Winnipeg, Manitoba, and Sherbrooke, Quebec, might not be the most exotic or exciting locales on the planet, but without the contributions of a pair of native sons, the globe-trotting, thrill-a-minute James Bond movie franchise might not exist.
With this month’s 50th anniversary of the release of “Dr. No” and the impending release of the 23rd Bond film, “Skyfall,” there’s a lot of attention focused on the inspiration of the enduring and evolving spy series. A body of evidence, including some newly uncovered documents, suggests two Canadians had an important influence on Ian Fleming, the man who wrote the Bond books.
Sir William Stephenson, known variously as “the quiet Canadian” or by the code name Intrepid, was arguably the single most important espionage figure in the Second World War, the man who helped create the CIA, and almost certainly Ian Fleming’s role model — minus the dashing womanizer aspect — for super spy Bond.
The young Stephenson rose from a delivery boy in working class Winnipeg to a flying ace in the First World War, to a rich inventor and businessman in England, where, through connections he made in British society, especially with Winston Churchill, became involved in the war effort.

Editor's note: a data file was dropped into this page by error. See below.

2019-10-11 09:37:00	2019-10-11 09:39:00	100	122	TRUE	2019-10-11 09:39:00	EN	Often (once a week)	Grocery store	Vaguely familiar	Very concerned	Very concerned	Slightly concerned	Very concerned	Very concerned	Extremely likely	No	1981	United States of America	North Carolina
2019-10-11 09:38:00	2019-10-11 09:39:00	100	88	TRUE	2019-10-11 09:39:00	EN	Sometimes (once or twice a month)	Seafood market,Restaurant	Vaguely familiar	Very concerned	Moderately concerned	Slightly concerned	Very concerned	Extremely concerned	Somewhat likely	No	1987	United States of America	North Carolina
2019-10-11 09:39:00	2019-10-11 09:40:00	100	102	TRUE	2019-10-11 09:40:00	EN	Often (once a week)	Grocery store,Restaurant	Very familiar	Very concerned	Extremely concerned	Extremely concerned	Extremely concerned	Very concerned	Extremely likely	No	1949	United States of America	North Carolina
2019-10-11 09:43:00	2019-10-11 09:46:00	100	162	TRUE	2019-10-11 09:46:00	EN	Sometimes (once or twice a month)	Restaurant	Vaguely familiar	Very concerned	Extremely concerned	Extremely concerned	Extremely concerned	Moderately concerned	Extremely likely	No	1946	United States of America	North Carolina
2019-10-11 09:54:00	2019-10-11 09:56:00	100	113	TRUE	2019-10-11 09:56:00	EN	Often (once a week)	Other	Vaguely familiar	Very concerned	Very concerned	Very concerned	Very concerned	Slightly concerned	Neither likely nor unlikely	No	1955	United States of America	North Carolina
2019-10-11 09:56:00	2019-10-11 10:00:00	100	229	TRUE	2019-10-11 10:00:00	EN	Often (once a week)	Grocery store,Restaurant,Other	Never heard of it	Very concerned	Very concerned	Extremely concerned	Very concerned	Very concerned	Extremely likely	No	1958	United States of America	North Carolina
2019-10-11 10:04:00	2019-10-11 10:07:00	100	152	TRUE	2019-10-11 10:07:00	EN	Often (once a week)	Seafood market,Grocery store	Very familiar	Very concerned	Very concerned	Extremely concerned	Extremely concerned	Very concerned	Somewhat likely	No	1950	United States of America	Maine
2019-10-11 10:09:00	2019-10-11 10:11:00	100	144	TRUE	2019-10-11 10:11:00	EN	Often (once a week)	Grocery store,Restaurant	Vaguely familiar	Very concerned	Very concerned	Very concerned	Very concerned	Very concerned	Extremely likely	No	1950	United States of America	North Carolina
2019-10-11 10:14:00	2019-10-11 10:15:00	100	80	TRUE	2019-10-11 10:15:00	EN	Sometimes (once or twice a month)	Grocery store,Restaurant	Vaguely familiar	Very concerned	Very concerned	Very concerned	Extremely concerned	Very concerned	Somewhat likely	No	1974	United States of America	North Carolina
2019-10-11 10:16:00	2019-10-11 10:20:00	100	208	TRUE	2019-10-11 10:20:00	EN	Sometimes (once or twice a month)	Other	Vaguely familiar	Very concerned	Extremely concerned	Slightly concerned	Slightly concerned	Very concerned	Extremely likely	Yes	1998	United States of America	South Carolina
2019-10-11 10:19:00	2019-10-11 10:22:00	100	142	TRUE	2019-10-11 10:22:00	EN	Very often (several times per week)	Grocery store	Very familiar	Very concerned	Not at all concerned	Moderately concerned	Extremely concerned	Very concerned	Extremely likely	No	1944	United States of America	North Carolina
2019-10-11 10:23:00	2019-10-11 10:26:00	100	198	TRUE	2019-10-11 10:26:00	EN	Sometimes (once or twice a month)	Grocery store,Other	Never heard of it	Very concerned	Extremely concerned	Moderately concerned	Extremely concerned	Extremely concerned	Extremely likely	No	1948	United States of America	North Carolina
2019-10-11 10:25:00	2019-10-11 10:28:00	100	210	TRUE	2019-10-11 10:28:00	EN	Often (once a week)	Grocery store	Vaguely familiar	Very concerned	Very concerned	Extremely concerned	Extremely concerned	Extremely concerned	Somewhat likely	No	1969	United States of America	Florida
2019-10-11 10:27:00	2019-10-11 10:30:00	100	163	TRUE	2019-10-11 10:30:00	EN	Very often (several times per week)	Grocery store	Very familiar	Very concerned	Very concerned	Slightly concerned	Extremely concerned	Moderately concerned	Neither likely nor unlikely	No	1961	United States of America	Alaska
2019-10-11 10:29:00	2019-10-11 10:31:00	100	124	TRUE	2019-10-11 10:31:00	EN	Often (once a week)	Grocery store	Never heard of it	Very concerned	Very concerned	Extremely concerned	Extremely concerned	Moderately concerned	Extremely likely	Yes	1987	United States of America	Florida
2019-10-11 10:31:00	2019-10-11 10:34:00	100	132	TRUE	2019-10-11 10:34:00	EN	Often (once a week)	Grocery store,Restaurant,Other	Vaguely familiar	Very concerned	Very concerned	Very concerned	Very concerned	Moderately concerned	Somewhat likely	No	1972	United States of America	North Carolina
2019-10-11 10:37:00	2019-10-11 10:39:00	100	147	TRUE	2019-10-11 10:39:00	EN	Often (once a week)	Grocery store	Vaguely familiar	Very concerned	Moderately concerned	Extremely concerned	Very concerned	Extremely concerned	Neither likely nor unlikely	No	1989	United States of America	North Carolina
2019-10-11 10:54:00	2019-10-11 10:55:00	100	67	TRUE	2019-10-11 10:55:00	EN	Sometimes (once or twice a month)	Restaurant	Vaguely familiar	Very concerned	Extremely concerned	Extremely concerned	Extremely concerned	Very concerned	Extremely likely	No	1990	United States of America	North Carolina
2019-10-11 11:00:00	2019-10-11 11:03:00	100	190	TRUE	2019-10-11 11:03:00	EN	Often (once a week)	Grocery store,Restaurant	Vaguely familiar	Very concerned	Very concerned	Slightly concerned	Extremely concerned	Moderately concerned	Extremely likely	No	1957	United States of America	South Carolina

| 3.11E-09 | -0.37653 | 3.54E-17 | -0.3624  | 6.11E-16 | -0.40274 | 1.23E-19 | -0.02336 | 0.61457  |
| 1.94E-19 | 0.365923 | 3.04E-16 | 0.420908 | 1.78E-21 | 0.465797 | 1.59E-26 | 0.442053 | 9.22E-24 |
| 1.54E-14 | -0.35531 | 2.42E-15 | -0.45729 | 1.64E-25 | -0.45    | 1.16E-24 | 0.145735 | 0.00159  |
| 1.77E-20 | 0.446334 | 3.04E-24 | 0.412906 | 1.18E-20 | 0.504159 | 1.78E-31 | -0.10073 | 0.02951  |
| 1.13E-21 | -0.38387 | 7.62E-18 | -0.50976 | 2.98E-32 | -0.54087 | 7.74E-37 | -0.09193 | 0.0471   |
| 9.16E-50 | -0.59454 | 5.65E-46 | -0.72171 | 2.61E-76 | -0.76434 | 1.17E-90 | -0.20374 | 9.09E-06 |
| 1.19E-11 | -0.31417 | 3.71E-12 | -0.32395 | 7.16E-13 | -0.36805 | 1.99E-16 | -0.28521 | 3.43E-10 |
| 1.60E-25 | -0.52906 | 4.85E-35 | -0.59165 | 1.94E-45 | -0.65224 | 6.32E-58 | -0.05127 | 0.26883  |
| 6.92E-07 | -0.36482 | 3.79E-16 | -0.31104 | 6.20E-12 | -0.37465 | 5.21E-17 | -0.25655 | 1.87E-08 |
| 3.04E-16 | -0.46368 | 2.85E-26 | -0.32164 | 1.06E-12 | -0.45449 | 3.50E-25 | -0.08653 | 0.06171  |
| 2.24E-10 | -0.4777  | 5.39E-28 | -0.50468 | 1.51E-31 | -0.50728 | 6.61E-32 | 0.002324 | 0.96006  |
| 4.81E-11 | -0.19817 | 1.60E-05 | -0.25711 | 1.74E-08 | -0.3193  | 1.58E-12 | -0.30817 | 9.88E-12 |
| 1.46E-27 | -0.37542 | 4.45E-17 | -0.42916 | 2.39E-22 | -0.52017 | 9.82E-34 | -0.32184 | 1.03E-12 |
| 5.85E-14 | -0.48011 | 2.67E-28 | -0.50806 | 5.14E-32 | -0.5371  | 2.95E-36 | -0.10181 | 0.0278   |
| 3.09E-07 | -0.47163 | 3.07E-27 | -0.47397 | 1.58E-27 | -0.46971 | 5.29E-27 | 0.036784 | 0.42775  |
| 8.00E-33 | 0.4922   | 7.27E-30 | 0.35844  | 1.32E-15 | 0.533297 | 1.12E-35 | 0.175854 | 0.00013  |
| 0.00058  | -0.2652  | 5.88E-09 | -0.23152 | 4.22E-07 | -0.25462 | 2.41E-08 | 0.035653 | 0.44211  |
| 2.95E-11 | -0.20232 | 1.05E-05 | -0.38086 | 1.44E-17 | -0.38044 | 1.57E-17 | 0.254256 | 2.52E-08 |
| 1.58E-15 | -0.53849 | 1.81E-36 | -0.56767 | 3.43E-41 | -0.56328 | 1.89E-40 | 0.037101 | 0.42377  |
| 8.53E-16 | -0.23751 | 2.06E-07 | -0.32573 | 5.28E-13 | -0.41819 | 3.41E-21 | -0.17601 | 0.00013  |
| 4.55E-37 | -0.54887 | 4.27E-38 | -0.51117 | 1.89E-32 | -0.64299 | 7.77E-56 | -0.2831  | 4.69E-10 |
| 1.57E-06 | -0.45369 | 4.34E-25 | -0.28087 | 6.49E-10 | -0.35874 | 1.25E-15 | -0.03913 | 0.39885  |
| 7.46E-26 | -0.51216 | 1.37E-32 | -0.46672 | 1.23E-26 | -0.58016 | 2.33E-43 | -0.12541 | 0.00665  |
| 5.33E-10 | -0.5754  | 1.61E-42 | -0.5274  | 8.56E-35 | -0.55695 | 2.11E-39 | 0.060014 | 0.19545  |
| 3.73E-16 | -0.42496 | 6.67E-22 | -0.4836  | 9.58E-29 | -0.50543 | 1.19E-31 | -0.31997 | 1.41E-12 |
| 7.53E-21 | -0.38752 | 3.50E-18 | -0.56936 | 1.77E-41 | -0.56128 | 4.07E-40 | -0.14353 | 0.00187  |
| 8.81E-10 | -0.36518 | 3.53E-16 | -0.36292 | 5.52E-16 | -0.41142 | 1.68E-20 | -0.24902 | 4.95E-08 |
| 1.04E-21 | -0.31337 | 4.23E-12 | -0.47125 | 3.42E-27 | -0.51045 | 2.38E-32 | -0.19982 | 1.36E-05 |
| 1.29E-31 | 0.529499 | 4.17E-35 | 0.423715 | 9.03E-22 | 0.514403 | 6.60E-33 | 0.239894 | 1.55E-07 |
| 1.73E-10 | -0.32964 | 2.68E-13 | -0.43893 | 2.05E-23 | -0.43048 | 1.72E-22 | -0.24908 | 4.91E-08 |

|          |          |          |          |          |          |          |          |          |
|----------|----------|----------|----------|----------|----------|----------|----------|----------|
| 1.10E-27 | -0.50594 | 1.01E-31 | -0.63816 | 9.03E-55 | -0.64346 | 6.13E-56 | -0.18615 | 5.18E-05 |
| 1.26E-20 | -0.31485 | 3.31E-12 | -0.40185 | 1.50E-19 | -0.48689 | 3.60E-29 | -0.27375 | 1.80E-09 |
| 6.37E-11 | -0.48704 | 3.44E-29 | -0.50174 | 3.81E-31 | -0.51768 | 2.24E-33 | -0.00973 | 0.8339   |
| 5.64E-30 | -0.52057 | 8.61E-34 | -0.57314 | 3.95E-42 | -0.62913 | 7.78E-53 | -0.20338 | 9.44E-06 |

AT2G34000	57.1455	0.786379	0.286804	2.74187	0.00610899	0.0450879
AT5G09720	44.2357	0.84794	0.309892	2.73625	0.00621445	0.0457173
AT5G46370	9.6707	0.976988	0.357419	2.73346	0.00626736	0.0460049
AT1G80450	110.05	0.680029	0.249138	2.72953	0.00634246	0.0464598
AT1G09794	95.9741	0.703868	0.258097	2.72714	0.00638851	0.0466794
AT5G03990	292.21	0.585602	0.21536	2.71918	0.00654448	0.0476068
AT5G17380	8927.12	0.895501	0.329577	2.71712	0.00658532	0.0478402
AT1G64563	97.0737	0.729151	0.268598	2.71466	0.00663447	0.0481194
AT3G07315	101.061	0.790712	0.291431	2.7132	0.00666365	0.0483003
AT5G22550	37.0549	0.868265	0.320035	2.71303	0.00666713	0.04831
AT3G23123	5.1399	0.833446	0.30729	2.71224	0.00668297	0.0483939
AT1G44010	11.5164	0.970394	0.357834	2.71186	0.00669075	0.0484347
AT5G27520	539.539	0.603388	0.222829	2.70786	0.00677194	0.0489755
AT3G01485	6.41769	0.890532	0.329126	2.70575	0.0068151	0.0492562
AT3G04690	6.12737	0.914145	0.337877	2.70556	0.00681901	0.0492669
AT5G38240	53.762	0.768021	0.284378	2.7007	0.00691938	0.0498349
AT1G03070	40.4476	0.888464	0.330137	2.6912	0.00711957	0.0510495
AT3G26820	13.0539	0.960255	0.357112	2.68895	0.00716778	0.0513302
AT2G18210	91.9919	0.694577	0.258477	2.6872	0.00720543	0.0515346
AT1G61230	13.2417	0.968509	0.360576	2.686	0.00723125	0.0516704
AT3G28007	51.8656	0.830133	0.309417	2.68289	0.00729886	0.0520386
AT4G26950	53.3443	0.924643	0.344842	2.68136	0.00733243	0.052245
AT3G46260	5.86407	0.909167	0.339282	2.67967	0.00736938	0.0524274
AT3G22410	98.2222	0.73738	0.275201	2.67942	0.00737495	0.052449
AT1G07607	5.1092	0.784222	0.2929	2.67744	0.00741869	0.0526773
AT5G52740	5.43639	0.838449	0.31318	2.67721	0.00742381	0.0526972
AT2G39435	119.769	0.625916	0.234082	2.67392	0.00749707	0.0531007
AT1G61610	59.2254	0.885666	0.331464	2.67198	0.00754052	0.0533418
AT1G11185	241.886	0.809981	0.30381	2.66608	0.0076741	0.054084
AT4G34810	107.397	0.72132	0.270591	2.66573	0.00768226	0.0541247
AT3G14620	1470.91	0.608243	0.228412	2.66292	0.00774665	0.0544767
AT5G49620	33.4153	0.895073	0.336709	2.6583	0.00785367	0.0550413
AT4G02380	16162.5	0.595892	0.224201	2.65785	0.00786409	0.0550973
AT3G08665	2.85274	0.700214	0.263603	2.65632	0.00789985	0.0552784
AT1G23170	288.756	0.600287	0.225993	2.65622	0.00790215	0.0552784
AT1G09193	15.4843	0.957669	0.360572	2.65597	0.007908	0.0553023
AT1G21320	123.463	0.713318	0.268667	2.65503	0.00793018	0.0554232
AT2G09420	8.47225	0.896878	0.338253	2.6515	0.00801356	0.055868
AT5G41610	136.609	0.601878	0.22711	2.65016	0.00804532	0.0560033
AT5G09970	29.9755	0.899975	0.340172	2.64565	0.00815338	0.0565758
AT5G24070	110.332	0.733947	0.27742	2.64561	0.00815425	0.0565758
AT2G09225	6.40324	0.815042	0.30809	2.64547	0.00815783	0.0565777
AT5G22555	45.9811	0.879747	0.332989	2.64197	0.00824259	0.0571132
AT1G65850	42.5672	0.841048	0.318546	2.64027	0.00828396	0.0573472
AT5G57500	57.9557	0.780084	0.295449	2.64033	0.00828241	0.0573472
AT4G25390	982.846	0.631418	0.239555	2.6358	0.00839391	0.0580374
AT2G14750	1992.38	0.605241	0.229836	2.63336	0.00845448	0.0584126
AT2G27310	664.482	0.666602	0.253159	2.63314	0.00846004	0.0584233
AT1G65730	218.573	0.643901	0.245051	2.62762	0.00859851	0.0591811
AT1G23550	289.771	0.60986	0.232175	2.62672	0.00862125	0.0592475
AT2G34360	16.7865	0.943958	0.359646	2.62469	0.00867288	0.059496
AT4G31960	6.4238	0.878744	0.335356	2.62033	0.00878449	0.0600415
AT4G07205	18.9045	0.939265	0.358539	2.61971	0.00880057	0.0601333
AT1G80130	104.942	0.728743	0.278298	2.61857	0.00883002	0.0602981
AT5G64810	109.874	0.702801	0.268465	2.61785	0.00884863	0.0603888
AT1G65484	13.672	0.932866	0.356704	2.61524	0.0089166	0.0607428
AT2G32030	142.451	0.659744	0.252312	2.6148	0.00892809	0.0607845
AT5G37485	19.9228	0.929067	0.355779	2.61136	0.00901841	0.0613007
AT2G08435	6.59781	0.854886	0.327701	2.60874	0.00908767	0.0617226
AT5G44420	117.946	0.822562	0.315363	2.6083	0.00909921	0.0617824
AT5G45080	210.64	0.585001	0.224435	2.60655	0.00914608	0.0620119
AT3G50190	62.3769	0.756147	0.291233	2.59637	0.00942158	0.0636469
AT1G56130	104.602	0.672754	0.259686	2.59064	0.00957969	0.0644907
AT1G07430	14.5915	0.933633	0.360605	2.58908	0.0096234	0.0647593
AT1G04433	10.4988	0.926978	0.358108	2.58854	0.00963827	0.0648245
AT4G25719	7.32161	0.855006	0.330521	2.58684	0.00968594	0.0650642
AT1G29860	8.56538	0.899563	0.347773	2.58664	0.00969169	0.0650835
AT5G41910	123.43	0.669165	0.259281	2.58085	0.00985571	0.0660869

As head of a bogus British passport office, the agent called “little Bill” for his short stature began setting up espionage operations that often involved the nifty gadgetry that is an essential part of every Bond movie. He established an ultra-secret spy training facility near Toronto, known as Camp X, and Ian Fleming was one of the trainees there.
Fleming and Stephenson would cross paths occasionally, once famously in New York City, as described by Winnipeg publisher Peter St. John, an expert on Bill Stephenson: “There Stephenson was, in a Manhattan skyscraper surrounded by wild electronic surveillance gadgetry, secret files and scores of beautiful women agents, a man equally at home with heads of state and paid assassins. The more Fleming learned about him, the more impressed he became.”